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Spain's parliament approves revenue-focused pensions overhaul

Pensioners walk along a street in Ronda, Spain, March 30, 2023. REUTERS/Jon Nazca

Spain's parliament on Thursday endorsed government-proposed changes to the pension system that increase contributions for nearly 11 million pensioners, putting most of the additional cost on the country's highest earners and their employers.

In contrast with France, where fierce, cross-sectoral protests have raged for weeks over the government's push to extend the retirement age by two years to 64 and cut some benefits, the Spanish plan focuses on increasing revenues through tax hikes.

Social Security Minister Jose Luis Escriva said the reform was "for the country's social majority" and described pensions as "the most important pillar of the welfare state" as he urged lawmakers to pass it.

A pensioner sits, as he looks at waitresses in the terrace of a bar in Ronda, Spain, March 30, 2023. REUTERS/Jon Nazca

The bill sailed through the lower house by 179-104 votes, with abstentions.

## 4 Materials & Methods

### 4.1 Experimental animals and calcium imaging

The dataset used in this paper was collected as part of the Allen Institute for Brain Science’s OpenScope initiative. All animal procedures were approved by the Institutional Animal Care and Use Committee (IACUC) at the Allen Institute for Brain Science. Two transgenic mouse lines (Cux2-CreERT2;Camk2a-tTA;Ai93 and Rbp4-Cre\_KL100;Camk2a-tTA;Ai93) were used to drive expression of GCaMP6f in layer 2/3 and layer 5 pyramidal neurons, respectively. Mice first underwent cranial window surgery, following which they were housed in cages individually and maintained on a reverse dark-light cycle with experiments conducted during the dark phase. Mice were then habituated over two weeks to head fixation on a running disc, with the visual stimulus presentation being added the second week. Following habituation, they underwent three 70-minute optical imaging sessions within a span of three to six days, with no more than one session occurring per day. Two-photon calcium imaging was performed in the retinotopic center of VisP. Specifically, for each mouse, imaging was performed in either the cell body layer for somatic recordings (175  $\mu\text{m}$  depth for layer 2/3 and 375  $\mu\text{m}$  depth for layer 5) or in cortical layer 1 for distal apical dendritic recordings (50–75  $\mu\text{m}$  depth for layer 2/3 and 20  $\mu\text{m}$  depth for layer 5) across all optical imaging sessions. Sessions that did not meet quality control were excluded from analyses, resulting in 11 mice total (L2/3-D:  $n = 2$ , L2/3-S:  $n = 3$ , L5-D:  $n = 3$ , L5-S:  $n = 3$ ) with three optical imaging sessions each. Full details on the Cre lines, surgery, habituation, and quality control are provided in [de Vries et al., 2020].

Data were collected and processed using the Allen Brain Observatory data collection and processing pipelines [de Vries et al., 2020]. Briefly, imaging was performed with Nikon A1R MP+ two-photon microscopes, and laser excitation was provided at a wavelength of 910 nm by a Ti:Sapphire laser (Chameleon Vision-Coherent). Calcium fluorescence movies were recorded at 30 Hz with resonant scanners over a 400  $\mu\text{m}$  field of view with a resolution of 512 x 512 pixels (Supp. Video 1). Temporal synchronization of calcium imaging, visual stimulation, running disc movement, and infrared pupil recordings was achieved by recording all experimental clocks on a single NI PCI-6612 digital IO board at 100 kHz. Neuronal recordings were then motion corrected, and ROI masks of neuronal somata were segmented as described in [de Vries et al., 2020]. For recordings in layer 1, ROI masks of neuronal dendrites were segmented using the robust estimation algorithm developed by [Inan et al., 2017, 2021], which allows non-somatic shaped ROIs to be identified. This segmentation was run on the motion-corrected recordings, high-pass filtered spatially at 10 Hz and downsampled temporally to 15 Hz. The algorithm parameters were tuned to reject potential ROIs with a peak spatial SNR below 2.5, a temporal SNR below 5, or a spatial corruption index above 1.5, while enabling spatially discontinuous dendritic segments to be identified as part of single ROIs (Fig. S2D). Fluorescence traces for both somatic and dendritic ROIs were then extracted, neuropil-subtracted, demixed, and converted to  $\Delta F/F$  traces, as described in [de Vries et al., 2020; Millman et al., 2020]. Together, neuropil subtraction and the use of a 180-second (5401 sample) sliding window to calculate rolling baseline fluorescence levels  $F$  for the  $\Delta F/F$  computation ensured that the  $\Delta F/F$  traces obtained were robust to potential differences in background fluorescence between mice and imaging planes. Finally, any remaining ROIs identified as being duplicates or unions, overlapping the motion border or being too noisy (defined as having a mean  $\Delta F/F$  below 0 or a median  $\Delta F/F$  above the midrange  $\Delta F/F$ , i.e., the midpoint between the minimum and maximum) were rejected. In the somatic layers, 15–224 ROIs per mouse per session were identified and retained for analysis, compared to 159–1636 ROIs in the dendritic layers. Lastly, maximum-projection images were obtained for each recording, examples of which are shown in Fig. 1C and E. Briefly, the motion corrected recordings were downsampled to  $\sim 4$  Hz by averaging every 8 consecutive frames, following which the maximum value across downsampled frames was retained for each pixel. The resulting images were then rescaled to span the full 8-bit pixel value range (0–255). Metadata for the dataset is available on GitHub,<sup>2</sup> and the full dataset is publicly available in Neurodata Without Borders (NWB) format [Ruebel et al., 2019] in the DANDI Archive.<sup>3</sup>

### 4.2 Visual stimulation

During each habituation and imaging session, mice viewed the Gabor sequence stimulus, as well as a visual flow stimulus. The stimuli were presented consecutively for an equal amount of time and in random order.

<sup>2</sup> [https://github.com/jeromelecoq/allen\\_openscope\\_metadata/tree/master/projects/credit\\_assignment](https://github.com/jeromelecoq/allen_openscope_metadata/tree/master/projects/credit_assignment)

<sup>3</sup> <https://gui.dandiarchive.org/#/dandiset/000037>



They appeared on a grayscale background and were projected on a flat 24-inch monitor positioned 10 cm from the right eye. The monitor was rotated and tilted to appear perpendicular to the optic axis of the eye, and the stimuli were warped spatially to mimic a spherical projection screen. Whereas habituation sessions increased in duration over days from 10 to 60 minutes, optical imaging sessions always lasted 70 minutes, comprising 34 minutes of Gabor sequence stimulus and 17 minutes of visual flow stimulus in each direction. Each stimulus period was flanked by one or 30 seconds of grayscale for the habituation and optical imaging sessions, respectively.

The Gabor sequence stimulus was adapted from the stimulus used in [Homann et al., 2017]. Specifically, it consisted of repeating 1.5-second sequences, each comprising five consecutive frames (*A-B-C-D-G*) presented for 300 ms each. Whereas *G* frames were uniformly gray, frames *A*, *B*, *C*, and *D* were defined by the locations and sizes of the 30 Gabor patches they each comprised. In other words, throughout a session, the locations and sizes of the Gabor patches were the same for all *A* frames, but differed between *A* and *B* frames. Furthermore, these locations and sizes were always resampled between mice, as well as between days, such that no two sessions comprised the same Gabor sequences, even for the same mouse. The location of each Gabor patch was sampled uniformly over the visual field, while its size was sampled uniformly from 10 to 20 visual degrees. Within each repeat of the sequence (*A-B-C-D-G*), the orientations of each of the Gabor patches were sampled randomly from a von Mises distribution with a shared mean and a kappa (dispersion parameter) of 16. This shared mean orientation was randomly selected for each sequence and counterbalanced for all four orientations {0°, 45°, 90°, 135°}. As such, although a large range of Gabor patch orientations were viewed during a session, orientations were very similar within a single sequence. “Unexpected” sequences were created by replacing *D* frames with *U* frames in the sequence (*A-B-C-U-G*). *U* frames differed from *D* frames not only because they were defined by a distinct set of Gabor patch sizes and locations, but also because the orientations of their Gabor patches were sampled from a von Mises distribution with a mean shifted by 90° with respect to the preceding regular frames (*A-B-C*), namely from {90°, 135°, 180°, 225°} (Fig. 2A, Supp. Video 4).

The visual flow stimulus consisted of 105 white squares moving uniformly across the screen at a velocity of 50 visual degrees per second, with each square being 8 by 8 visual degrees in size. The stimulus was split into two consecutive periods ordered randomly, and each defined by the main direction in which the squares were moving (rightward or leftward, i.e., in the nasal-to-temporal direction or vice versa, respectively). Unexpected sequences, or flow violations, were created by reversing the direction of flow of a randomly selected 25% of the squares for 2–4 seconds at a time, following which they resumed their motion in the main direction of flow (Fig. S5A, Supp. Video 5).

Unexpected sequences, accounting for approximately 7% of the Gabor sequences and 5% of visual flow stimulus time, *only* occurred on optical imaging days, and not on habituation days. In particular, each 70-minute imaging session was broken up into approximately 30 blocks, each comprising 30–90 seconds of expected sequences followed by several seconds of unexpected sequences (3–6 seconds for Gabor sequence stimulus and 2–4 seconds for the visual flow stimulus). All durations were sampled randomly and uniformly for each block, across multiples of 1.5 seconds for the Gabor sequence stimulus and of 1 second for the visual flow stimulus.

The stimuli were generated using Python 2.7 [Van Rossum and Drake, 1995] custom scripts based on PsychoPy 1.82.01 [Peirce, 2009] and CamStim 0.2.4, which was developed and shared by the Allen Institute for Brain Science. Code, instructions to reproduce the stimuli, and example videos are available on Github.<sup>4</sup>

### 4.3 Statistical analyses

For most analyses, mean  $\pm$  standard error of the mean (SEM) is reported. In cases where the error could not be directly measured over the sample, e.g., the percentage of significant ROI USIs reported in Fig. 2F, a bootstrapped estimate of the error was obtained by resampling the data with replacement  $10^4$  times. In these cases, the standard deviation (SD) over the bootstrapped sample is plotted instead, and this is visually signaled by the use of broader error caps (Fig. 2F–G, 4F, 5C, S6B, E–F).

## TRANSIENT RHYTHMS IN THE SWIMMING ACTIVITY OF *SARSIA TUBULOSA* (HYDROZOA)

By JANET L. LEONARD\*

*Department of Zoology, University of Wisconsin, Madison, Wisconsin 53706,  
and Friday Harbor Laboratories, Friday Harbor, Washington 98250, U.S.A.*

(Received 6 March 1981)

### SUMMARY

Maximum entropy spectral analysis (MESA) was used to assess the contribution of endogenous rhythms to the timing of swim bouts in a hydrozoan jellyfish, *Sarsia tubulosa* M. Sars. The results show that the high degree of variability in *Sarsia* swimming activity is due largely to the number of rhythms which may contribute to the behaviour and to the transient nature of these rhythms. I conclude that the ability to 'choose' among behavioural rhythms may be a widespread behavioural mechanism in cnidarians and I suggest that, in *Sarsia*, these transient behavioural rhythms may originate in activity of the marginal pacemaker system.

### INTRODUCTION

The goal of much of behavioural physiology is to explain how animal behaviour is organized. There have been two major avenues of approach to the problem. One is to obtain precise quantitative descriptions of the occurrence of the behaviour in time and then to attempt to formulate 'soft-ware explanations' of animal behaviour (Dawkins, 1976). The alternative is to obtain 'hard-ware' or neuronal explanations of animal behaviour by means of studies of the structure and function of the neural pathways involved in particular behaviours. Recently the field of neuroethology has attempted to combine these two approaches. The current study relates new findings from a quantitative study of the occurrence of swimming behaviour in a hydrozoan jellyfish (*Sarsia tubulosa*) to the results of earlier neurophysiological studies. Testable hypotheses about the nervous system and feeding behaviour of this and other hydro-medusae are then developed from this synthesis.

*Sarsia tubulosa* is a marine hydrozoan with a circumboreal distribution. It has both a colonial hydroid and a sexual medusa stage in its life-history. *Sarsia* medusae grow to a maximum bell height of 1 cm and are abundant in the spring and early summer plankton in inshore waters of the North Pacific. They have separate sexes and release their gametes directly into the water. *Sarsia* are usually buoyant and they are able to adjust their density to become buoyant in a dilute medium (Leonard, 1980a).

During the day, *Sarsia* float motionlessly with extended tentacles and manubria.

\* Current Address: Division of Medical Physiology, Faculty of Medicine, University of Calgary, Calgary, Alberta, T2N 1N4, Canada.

The overhaul, a key requirement by Brussels for Spain to obtain a new tranche of European post-pandemic recovery funds, had sparked a four-month debate within the government as it sought to find a way to hike revenues without penalising future pensioners.

Revenues are expected to increase by 15 billion euros ($16 billion) a year, representing a rise of three percentage points of gross domestic product by 2050 and reducing to 15.5% of GDP the burden of pension payments on the budget.

Pensioners chat in a street in Ronda, Spain, March 30, 2023. REUTERS/Jon Nazca

The reform is opposed by the conservatives opposition and the main business group CEOE, who argue it will increase labour costs, endangering job creation, and reduce workers' wages.

But the leftist coalition government has said the changes, backed by the unions, will provide stability for a pension system under pressure with one of Europe's largest ageing populations.

Spain carried out a major pension reform in 2011 when it raised the retirement age to 67 but that proved insufficient to offset the high costs of the system, which has come under pressure from measures such as the raising of pension payouts in line with inflation.

($1 = 0.9383 euros)

(Reporting by David Latona, writing by Andrei Khalip, editing by William Maclean)

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